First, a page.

By Una Hogan, Department of Chemistry, University of Waterloo
In a world that is more connected now than ever before, we not only have the opportunity, but the responsibility, to work with others towards our common goals. For the Microplastics Fingerprinting Project, our goal is to better understand the sources, quantities, compositions, and fate of microplastics in the environment, as well as its environmental impacts. Our project brings together researchers from a wide variety of disciplinary backgrounds, including biology, chemistry, mechanical and civil engineering, and economics. We are also working closely with a number of collaborating partners to broaden our knowledge and spur the research forward in a way that responds to the questions being asked by water practitioners.
As a PhD candidate, working as a team member in the project, I have been fortunate to collaborate with researchers from many disciplines, as well as organizations such as Pollution Probe, a national, environmental not-for-profit and registered Canadian charity. Since their founding in 1969, Pollution Probe has been involved in finding substantive and enduring solutions to pressing environmental issues. Together with the Council of the Great Lakes Region, they lead the Great Lakes Plastic Cleanup, which aims to remove plastic from the Great Lakes.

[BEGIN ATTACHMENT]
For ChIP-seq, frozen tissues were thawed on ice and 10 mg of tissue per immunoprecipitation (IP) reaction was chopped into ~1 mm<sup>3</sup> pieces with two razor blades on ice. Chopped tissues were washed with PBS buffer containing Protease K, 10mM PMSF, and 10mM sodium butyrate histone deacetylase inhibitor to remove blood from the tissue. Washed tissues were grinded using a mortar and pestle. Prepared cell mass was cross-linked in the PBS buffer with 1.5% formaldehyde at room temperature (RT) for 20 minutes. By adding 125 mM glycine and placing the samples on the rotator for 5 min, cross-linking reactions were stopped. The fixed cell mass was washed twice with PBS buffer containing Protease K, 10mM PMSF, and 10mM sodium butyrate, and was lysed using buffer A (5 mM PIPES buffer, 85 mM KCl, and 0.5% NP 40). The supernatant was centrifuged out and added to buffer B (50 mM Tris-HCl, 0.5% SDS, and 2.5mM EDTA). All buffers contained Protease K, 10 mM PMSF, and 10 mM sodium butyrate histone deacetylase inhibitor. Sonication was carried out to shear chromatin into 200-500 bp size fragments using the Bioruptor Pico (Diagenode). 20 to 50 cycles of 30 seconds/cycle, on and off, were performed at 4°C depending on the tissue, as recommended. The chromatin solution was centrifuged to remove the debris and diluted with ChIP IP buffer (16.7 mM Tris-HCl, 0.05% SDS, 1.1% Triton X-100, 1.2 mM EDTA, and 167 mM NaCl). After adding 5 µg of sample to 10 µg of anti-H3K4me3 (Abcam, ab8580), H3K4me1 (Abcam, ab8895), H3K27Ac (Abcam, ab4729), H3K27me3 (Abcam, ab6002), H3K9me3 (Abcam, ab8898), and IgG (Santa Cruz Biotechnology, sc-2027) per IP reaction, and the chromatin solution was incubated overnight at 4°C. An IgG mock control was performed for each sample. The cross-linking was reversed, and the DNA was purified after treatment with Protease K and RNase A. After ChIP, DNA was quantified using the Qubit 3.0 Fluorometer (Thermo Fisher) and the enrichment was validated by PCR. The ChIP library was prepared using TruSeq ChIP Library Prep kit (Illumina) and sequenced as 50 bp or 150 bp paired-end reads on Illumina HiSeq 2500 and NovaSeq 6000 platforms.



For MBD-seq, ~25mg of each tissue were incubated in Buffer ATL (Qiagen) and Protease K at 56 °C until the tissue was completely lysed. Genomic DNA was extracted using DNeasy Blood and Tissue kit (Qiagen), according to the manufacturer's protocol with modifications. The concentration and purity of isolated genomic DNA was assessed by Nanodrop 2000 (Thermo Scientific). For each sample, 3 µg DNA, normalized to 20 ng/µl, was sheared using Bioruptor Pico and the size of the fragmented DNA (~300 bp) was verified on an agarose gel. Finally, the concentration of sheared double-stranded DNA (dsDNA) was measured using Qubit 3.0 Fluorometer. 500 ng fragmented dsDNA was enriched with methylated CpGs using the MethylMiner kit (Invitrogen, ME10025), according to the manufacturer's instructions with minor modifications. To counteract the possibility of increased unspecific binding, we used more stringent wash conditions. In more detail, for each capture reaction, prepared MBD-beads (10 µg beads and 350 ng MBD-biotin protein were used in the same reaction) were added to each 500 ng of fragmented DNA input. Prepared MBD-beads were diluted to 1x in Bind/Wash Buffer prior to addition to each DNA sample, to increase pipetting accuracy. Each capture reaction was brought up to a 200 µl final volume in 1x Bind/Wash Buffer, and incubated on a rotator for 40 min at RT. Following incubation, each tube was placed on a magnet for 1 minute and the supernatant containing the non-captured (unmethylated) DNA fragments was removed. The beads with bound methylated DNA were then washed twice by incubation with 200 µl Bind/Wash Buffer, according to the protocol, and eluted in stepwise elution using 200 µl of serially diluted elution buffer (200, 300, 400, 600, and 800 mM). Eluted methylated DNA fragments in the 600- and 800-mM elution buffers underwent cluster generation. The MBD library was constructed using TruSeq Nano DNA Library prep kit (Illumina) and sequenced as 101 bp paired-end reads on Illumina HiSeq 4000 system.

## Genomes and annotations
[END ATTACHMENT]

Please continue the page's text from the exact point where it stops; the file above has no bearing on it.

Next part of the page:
The Great Lakes Plastic Cleanup uses litter cleanup technology to collect plastic from waterways. This plastic is then sorted and analyzed, and valuable and recyclable plastics are recovered and reused. They are currently using technologies such as ‘The Seabin’, which is a floating bin that collects plastics that are found on the surface of the water, and ‘The LittaTrapTM, which is a trap that fits inside stormwater drains to collect plastic trash before it enters waterways. Since its foundation, the project has removed over 15kg and 74,000 pieces of plastic debris from the Great Lakes and surrounding waterways.
We collaborated with Pollution Probe and the Great Lakes Plastic Cleanup to acquire some of the environmental plastic debris that they have collected. This plastic, which otherwise would have been difficult to obtain, will be instrumental to my research. I’m excited to begin my analysis and find out what insights I can gain from this material. For instance, by analyzing the chemical composition of these plastics, it is possible to determine if they contain specific additives and colourings which may provide clues about what the plastic was used for before it was discarded into the environment. Watch out for updates on what I learn in the coming months!
It is my hope that through collaborations such as this one, we will learn more about microplastics that would have otherwise been too resource intensive to obtain on our own. If your organization has access to plastic samples that can be shared with our research team, please contact Nancy Goucher.